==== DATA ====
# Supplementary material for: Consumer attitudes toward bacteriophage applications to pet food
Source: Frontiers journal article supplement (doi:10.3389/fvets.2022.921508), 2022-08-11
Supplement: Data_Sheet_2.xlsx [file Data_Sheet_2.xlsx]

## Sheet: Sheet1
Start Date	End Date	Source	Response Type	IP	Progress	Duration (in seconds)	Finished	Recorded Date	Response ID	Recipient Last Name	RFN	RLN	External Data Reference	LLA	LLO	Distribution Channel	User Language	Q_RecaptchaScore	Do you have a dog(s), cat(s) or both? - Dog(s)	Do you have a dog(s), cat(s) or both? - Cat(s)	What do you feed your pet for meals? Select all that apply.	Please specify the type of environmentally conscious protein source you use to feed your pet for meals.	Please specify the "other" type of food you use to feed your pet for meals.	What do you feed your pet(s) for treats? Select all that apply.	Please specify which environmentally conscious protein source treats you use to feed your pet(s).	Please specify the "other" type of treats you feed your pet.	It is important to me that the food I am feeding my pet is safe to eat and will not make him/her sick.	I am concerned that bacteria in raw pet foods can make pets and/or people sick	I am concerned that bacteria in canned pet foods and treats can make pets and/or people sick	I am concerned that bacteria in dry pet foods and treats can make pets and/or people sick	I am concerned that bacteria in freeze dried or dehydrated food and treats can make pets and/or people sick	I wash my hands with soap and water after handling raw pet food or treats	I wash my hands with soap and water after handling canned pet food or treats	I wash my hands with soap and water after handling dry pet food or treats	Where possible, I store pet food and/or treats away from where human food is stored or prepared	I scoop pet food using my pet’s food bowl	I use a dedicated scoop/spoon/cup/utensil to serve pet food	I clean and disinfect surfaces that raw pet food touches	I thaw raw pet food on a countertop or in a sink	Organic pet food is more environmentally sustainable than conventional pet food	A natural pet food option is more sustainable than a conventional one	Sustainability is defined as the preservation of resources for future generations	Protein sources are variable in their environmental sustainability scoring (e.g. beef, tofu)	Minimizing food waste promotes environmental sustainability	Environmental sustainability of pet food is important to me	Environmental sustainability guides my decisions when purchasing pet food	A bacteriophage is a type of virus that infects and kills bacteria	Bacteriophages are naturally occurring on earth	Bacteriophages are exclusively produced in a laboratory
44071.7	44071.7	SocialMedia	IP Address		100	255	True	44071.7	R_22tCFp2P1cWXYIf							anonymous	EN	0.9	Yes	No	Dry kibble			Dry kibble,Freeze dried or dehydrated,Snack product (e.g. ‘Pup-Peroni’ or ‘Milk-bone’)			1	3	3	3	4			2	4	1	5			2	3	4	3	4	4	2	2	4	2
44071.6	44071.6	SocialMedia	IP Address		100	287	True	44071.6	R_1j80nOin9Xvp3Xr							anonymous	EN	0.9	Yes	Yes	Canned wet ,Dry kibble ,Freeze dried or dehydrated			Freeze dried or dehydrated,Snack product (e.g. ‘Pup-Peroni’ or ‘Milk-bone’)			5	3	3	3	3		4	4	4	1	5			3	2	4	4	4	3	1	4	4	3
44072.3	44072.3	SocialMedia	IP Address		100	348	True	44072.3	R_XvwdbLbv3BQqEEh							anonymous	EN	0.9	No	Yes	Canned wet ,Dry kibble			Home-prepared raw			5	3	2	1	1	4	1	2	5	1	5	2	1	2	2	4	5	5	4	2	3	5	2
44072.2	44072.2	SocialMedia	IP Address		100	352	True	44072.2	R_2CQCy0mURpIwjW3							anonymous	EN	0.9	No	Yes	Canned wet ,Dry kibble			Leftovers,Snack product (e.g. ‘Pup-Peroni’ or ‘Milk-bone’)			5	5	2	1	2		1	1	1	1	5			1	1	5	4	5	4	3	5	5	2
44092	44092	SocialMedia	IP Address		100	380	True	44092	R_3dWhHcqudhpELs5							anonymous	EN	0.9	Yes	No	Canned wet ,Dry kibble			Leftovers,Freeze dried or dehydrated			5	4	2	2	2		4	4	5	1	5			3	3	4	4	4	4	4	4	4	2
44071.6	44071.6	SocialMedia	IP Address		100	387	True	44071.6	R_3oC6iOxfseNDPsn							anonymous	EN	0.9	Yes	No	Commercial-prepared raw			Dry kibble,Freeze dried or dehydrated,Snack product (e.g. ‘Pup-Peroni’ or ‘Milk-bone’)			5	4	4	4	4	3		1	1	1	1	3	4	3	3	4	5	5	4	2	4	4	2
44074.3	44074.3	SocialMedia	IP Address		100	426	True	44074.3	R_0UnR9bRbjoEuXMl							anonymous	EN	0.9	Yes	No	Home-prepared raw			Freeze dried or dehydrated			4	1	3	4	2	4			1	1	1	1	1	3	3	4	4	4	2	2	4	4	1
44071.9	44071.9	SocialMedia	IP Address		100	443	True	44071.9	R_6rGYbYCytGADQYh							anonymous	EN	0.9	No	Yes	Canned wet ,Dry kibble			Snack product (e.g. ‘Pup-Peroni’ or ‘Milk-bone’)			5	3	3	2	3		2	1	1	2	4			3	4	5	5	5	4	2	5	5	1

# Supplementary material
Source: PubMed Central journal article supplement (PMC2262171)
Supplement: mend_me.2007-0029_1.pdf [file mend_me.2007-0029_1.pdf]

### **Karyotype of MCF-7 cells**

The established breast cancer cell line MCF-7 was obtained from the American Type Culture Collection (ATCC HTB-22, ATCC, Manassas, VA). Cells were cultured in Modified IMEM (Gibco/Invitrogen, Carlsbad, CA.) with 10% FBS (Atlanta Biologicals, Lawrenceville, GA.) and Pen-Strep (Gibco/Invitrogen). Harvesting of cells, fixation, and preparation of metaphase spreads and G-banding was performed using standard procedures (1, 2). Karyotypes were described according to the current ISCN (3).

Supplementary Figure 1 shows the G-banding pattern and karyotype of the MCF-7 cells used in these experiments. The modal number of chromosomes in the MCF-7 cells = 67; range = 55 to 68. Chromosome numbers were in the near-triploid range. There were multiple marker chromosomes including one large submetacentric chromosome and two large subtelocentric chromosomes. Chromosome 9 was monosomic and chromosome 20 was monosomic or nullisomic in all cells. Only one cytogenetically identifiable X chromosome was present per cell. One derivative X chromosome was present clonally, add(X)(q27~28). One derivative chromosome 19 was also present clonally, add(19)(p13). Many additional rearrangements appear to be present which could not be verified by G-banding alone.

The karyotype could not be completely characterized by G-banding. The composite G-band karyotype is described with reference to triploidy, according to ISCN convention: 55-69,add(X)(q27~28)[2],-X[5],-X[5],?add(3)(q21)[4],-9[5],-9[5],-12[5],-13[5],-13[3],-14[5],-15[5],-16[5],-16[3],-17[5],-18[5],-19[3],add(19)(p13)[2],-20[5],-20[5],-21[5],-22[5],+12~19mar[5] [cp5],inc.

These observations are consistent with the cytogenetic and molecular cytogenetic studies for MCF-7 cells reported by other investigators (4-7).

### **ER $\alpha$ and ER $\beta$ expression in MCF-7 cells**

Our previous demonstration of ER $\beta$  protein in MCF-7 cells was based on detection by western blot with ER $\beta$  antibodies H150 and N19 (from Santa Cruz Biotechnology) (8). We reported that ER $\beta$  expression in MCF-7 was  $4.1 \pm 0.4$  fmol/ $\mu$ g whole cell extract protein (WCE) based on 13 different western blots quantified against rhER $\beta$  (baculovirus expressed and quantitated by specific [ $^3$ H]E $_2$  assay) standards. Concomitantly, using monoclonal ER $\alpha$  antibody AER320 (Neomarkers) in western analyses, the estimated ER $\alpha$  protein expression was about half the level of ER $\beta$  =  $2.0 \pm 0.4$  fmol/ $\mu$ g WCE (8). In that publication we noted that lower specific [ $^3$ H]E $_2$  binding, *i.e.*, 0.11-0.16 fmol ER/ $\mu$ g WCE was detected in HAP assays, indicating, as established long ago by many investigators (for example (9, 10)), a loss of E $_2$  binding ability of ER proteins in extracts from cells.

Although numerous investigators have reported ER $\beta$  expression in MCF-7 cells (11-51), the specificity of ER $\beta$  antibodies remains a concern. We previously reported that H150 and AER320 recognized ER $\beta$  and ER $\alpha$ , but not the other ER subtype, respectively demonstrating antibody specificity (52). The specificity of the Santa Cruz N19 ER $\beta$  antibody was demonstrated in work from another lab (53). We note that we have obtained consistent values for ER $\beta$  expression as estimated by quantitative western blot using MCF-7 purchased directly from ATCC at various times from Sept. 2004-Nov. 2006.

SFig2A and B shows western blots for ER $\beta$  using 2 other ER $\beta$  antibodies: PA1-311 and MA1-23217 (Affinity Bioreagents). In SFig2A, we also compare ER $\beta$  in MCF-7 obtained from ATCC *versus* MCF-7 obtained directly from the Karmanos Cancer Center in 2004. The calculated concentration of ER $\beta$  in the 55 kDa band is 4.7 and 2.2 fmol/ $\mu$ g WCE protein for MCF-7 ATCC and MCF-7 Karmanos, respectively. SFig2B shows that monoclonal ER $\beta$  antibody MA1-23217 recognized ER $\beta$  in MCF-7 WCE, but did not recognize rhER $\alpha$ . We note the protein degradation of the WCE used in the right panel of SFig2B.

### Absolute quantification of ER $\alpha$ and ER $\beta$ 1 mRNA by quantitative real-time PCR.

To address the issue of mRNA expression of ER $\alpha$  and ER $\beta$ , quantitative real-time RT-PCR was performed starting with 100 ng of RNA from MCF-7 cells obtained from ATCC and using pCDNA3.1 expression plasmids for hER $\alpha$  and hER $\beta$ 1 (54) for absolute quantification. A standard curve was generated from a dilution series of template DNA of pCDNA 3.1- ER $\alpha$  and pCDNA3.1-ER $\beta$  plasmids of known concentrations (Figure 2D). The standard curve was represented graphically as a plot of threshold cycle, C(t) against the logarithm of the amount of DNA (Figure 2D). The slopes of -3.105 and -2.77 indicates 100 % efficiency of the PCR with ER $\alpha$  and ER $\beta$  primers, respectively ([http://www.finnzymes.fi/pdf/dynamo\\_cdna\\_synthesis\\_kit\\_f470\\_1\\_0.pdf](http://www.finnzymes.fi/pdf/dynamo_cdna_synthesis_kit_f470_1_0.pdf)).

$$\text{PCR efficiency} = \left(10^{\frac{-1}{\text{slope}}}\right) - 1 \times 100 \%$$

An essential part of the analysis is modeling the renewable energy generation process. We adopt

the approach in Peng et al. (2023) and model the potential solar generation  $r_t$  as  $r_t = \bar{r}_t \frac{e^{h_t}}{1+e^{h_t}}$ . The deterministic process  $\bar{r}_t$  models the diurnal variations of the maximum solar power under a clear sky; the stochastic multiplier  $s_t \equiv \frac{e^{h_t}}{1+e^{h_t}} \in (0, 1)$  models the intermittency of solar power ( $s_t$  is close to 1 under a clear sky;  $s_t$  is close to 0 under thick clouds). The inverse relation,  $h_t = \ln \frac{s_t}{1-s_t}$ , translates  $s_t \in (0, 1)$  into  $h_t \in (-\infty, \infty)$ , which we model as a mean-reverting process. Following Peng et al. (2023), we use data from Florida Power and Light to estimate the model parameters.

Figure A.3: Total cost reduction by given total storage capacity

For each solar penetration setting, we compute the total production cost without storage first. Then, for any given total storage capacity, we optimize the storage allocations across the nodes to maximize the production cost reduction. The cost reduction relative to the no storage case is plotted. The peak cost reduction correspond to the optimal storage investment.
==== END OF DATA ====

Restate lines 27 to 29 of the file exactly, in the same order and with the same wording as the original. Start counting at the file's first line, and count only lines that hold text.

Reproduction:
To address the issue of mRNA expression of ER $\alpha$  and ER $\beta$ , quantitative real-time RT-PCR was performed starting with 100 ng of RNA from MCF-7 cells obtained from ATCC and using pCDNA3.1 expression plasmids for hER $\alpha$  and hER $\beta$ 1 (54) for absolute quantification. A standard curve was generated from a dilution series of template DNA of pCDNA 3.1- ER $\alpha$  and pCDNA3.1-ER $\beta$  plasmids of known concentrations (Figure 2D). The standard curve was represented graphically as a plot of threshold cycle, C(t) against the logarithm of the amount of DNA (Figure 2D). The slopes of -3.105 and -2.77 indicates 100 % efficiency of the PCR with ER $\alpha$  and ER $\beta$  primers, respectively ([http://www.finnzymes.fi/pdf/dynamo\\_cdna\\_synthesis\\_kit\\_f470\\_1\\_0.pdf](http://www.finnzymes.fi/pdf/dynamo_cdna_synthesis_kit_f470_1_0.pdf)).

$$\text{PCR efficiency} = \left(10^{\frac{-1}{\text{slope}}}\right) - 1 \times 100 \%$$

An essential part of the analysis is modeling the renewable energy generation process. We adopt